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What Are Premium Gasoline and Diesel Fuels and Are They Worth the Higher Price?

In most gas stations, next to the regular unleaded gasoline and diesel nozzles, one can find these additional pumps with labels promoting their benefits. That begs an obvious question: what are these premium fuels, and are they worth the extra price?
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They come in a variety of fancy names that contain superlatives like Premium, Super, Extra, or Ultimate, and the main reason people think twice before using them is the higher price.

Like everything in life, the better the product, the steeper the price, but what makes these fuels so special, and is it worth using them instead of the standard versions?

Let’s start with the more widely used premium gasoline, also called super fuel or high-performance fuel. It usually has a higher-octane rating than its regular counterpart, meaning it has a higher knock resistance. In even simpler terms, it’s less susceptible to self-ignite and burn in an uncontrolled manner.

The amount of octane contained by the fuel also affects how well it will perform in higher compression engines. In theory, it will improve the fuel economy and performance of the powerplant.

In most parts of the world, including the E.U., this rating stands between 95 and 98 for standard gasoline, whereas the premium versions go between 98 and 100. In the U.S., customers can choose between standard, midgrade, and premium gasoline with ratings between 87 and 94.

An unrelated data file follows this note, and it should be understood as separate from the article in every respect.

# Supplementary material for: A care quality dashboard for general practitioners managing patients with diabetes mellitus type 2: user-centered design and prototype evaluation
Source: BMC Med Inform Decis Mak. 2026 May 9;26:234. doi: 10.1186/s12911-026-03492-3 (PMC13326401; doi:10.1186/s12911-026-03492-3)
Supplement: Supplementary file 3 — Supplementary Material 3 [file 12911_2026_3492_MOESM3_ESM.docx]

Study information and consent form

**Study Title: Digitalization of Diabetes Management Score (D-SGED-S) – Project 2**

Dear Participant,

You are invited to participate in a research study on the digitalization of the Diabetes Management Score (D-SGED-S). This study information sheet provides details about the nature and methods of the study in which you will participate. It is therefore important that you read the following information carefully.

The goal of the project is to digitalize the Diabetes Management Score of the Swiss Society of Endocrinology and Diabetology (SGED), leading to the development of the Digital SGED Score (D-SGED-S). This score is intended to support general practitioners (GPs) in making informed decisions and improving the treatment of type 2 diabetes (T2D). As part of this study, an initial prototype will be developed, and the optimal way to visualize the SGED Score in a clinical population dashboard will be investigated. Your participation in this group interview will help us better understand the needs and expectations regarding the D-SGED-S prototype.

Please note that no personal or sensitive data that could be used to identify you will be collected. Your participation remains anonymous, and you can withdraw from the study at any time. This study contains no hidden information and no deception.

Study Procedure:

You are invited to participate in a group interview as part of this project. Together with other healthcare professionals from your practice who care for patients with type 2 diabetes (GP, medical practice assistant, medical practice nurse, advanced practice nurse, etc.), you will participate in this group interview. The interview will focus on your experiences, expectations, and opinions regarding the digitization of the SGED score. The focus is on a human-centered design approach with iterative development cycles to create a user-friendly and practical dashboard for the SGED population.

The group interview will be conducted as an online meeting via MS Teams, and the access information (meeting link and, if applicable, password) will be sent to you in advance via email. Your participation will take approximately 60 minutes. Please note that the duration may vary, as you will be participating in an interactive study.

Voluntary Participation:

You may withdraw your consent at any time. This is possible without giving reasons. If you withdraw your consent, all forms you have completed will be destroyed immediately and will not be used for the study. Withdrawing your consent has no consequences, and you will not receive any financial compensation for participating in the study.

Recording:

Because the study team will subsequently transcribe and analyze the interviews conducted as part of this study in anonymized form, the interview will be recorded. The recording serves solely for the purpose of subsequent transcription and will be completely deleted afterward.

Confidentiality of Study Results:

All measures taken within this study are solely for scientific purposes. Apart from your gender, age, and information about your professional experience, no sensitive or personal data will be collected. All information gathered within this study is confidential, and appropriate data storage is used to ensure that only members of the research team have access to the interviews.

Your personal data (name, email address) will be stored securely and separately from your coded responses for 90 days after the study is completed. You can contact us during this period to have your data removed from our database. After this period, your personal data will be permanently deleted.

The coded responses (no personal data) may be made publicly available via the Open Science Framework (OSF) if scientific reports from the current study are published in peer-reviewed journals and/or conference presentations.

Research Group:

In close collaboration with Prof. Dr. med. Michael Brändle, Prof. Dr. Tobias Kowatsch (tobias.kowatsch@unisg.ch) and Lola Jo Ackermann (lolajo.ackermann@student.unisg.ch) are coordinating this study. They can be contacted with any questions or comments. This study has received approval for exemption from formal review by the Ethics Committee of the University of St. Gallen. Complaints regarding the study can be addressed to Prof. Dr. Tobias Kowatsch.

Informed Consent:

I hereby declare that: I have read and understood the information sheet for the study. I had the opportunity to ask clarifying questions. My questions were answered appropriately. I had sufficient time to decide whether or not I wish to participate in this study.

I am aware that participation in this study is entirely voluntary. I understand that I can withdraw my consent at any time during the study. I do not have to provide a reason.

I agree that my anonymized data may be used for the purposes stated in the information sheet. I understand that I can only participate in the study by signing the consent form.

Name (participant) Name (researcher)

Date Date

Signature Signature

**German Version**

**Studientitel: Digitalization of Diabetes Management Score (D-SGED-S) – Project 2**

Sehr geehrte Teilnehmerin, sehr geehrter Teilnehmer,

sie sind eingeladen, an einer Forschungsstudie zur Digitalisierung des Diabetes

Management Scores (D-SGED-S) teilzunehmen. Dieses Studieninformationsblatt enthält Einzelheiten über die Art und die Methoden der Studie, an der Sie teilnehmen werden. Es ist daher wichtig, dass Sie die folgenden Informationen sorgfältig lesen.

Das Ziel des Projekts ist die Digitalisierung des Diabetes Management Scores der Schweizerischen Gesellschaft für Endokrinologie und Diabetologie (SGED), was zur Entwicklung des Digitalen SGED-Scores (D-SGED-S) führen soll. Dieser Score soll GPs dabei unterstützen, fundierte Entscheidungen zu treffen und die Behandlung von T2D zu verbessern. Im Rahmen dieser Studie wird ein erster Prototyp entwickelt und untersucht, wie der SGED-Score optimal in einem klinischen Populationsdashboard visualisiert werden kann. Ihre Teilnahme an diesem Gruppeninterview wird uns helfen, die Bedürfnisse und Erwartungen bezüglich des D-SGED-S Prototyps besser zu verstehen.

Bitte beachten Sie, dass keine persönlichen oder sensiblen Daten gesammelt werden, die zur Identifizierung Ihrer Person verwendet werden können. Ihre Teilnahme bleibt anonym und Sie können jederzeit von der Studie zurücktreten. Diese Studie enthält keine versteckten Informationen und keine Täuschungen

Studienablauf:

Does this mean that American gas is worse? Not at all, these differences are the result of using different ratings. In Europe and most parts of the world, the Research Octane Number (RON) is used, whereas in the U.S., Canada, Brazil, and some other countries, the rating shown on the pumps is an average between RON and another rating called Motor Octane Number (MON). This average rating is dubbed Anti-Knock Index (AKI), often written on pumps as (R+M)/2, which features lower digits than elsewhere in the world for the same fuel.

Premium diesel usually has a higher cetane rating than the regular version. That means that it will ignite more quickly when injected into the combustion chamber. More importantly, premium diesel contains additives that help clean the fuel injection system and prevent soot build-up. It’s also better suited for cold temperatures since the chemicals it contains provide more protection against gelling.

So, is it worth paying extra for premium fuels? Generally, yes, especially if you care about your car and plan to keep it running smoothly for an extended period.

However, most engines, whether gasoline or diesel, are built to work with regular fuels, so using them won’t harm the engine or its fuel system.

Some high-performance gas-powered engines require higher octane fuel. This information can be found in the owner’s manual; on some vehicles, it is inscribed on the fuel cap. Here, premium fuel use is mandatory since inferior rated fuel might damage critical components such as fuel pumps, fuel lines, and injectors.

With diesel-powered engines, it’s a good idea to at least fill up with premium fuel from time to time to give the system a good clean, especially since fuel pumps and injectors are a lot more expensive than those found on gasoline engines.


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